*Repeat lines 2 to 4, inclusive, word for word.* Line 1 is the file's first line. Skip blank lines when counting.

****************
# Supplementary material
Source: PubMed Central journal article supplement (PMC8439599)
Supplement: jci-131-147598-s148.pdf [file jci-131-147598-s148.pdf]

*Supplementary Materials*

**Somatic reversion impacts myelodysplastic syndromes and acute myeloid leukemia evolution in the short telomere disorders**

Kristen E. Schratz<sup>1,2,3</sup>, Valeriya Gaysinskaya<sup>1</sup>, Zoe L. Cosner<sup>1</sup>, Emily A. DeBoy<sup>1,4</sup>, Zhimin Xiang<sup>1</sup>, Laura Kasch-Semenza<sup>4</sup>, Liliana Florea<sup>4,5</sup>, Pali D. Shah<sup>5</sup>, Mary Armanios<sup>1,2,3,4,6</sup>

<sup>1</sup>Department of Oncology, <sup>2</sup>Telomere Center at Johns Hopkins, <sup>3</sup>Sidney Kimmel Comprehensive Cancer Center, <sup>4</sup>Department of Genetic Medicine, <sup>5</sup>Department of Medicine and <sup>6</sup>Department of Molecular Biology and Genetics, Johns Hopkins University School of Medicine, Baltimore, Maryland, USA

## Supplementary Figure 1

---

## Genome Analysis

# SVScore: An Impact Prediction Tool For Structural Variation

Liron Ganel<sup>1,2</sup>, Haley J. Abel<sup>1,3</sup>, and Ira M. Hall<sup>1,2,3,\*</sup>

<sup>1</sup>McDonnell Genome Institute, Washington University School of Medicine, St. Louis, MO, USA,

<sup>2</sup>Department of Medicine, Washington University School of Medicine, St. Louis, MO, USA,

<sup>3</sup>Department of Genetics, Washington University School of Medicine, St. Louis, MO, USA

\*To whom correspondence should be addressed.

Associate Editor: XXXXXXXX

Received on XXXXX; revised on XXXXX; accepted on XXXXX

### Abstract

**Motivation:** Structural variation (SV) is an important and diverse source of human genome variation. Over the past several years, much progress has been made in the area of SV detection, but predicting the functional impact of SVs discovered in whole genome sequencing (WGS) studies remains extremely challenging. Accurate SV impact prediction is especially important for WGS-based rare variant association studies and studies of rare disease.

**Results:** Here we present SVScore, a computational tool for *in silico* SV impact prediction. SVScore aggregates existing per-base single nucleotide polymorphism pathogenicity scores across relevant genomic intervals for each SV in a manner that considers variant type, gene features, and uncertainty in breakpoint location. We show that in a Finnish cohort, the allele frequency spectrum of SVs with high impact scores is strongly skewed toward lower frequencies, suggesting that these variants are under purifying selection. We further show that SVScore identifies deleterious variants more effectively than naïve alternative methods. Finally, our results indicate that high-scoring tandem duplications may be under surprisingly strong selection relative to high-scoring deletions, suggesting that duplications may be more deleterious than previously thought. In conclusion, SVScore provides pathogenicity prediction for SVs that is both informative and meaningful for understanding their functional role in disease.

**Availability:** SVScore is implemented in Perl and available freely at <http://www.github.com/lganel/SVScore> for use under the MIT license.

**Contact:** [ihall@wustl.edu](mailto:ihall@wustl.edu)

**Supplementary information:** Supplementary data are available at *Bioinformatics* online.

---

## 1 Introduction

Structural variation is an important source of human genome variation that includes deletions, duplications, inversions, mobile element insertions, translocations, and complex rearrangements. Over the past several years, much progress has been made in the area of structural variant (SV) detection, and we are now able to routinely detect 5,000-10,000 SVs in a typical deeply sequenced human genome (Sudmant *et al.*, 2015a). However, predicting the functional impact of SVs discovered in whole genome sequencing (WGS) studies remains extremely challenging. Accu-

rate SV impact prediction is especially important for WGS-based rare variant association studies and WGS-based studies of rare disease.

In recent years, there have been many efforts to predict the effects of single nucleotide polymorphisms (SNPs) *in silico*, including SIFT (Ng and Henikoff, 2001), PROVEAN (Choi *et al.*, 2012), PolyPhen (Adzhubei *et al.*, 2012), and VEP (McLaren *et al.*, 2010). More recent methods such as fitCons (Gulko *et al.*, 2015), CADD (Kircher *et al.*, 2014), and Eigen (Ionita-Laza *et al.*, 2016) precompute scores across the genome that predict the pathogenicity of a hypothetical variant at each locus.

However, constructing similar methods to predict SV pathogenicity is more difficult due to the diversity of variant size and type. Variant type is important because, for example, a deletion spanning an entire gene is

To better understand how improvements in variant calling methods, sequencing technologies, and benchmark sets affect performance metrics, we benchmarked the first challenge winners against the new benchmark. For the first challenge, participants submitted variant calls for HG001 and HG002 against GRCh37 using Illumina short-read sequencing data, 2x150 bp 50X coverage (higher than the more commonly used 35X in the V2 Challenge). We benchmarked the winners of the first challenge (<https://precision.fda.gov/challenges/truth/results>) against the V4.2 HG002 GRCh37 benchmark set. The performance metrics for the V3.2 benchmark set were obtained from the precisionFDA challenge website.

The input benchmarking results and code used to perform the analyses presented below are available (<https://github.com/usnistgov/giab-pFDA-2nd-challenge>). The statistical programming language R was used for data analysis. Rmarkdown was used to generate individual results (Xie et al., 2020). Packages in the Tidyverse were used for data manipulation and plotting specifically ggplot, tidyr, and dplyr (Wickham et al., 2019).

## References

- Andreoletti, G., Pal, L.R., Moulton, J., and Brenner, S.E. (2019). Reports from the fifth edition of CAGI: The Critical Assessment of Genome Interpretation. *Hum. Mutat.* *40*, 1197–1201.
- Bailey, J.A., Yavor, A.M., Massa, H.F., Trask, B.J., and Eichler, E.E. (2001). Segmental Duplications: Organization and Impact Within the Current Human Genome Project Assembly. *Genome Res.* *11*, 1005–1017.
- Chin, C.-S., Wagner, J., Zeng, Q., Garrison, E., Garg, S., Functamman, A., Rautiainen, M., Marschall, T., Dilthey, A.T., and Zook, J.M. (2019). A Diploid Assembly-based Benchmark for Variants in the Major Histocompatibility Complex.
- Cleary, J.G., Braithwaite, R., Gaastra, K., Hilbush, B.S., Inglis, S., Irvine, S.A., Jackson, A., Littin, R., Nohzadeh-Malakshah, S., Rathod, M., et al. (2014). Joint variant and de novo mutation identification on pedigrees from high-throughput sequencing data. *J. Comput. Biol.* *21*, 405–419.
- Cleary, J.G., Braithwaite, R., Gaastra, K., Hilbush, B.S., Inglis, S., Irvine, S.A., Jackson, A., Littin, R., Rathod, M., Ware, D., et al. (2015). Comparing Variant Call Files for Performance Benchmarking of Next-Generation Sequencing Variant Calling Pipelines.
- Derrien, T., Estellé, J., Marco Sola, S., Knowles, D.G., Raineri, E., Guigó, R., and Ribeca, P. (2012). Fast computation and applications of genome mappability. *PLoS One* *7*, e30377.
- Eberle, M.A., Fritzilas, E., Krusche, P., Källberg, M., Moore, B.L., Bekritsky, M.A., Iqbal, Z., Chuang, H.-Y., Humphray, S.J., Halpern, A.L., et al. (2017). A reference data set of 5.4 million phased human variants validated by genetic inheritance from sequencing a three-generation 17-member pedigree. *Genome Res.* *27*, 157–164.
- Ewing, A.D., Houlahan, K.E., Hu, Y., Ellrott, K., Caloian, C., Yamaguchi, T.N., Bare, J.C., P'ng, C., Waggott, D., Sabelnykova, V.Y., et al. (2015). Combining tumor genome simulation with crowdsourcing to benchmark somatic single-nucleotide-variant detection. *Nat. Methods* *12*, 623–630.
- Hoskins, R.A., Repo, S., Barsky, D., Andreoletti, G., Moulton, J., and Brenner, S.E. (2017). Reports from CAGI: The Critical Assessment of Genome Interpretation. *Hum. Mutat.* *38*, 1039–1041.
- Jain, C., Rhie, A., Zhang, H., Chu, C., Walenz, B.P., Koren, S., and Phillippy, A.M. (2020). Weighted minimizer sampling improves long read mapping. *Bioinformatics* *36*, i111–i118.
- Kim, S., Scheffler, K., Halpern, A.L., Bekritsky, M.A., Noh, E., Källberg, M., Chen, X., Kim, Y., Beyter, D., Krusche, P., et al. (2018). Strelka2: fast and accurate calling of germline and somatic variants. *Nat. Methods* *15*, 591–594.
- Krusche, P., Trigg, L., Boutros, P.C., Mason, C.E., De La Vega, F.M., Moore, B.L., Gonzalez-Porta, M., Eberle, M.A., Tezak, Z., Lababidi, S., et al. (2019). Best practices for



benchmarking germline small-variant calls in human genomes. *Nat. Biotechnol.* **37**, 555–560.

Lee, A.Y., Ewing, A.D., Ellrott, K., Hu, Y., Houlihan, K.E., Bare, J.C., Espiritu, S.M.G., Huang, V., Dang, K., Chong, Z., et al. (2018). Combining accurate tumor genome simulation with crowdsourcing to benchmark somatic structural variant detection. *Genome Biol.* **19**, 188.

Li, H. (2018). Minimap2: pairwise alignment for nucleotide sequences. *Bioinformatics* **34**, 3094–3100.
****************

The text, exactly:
Source: PubMed Central journal article supplement (PMC8439599)
Supplement: jci-131-147598-s148.pdf [file jci-131-147598-s148.pdf]

*Supplementary Materials*